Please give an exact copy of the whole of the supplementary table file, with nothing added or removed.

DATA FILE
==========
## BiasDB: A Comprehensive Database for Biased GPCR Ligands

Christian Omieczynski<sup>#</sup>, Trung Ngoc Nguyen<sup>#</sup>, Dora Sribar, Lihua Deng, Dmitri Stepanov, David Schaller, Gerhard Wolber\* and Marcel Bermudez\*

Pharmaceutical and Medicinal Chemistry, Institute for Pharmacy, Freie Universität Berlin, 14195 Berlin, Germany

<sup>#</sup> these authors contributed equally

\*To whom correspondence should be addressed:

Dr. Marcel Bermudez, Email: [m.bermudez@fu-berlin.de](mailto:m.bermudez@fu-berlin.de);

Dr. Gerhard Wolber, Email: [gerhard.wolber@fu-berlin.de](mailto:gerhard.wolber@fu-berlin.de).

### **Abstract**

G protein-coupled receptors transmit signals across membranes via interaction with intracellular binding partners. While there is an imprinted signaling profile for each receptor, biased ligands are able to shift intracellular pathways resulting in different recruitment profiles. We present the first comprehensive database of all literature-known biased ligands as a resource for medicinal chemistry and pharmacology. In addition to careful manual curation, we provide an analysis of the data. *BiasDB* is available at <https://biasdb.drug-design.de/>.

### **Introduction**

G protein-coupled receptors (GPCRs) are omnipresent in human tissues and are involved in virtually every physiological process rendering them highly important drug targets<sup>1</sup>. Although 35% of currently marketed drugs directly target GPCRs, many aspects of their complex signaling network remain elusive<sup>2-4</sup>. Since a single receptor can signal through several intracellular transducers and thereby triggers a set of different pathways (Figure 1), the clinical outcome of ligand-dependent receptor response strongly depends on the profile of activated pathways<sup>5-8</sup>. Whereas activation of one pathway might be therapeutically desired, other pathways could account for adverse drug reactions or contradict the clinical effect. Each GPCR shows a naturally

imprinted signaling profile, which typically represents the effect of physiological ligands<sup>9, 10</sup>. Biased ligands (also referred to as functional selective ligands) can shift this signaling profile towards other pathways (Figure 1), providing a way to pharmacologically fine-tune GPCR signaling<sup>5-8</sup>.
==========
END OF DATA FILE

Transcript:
## BiasDB: A Comprehensive Database for Biased GPCR Ligands

Christian Omieczynski<sup>#</sup>, Trung Ngoc Nguyen<sup>#</sup>, Dora Sribar, Lihua Deng, Dmitri Stepanov, David Schaller, Gerhard Wolber\* and Marcel Bermudez\*

Pharmaceutical and Medicinal Chemistry, Institute for Pharmacy, Freie Universität Berlin, 14195 Berlin, Germany

<sup>#</sup> these authors contributed equally

\*To whom correspondence should be addressed:

Dr. Marcel Bermudez, Email: [m.bermudez@fu-berlin.de](mailto:m.bermudez@fu-berlin.de);

Dr. Gerhard Wolber, Email: [gerhard.wolber@fu-berlin.de](mailto:gerhard.wolber@fu-berlin.de).

### **Abstract**

G protein-coupled receptors transmit signals across membranes via interaction with intracellular binding partners. While there is an imprinted signaling profile for each receptor, biased ligands are able to shift intracellular pathways resulting in different recruitment profiles. We present the first comprehensive database of all literature-known biased ligands as a resource for medicinal chemistry and pharmacology. In addition to careful manual curation, we provide an analysis of the data. *BiasDB* is available at <https://biasdb.drug-design.de/>.

### **Introduction**

G protein-coupled receptors (GPCRs) are omnipresent in human tissues and are involved in virtually every physiological process rendering them highly important drug targets<sup>1</sup>. Although 35% of currently marketed drugs directly target GPCRs, many aspects of their complex signaling network remain elusive<sup>2-4</sup>. Since a single receptor can signal through several intracellular transducers and thereby triggers a set of different pathways (Figure 1), the clinical outcome of ligand-dependent receptor response strongly depends on the profile of activated pathways<sup>5-8</sup>. Whereas activation of one pathway might be therapeutically desired, other pathways could account for adverse drug reactions or contradict the clinical effect. Each GPCR shows a naturally

imprinted signaling profile, which typically represents the effect of physiological ligands<sup>9, 10</sup>. Biased ligands (also referred to as functional selective ligands) can shift this signaling profile towards other pathways (Figure 1), providing a way to pharmacologically fine-tune GPCR signaling<sup>5-8</sup>.